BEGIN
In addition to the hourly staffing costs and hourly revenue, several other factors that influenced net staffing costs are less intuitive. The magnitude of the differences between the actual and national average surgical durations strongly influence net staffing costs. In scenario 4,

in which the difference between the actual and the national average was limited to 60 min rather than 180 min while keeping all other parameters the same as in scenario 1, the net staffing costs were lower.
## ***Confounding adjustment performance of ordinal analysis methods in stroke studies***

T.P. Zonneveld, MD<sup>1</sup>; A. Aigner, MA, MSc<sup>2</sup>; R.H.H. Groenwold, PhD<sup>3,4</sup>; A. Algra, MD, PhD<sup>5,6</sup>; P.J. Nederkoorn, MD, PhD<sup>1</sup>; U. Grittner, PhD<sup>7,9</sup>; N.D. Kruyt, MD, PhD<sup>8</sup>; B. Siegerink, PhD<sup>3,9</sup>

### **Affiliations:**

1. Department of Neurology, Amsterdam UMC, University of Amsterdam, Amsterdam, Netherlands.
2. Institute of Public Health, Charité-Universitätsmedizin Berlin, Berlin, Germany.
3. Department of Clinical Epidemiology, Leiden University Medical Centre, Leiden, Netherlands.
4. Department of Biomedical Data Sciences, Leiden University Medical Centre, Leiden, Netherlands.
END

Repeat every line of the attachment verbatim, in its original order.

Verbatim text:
In addition to the hourly staffing costs and hourly revenue, several other factors that influenced net staffing costs are less intuitive. The magnitude of the differences between the actual and national average surgical durations strongly influence net staffing costs. In scenario 4,

in which the difference between the actual and the national average was limited to 60 min rather than 180 min while keeping all other parameters the same as in scenario 1, the net staffing costs were lower.
## ***Confounding adjustment performance of ordinal analysis methods in stroke studies***

T.P. Zonneveld, MD<sup>1</sup>; A. Aigner, MA, MSc<sup>2</sup>; R.H.H. Groenwold, PhD<sup>3,4</sup>; A. Algra, MD, PhD<sup>5,6</sup>; P.J. Nederkoorn, MD, PhD<sup>1</sup>; U. Grittner, PhD<sup>7,9</sup>; N.D. Kruyt, MD, PhD<sup>8</sup>; B. Siegerink, PhD<sup>3,9</sup>

### **Affiliations:**

1. Department of Neurology, Amsterdam UMC, University of Amsterdam, Amsterdam, Netherlands.
2. Institute of Public Health, Charité-Universitätsmedizin Berlin, Berlin, Germany.
3. Department of Clinical Epidemiology, Leiden University Medical Centre, Leiden, Netherlands.
4. Department of Biomedical Data Sciences, Leiden University Medical Centre, Leiden, Netherlands.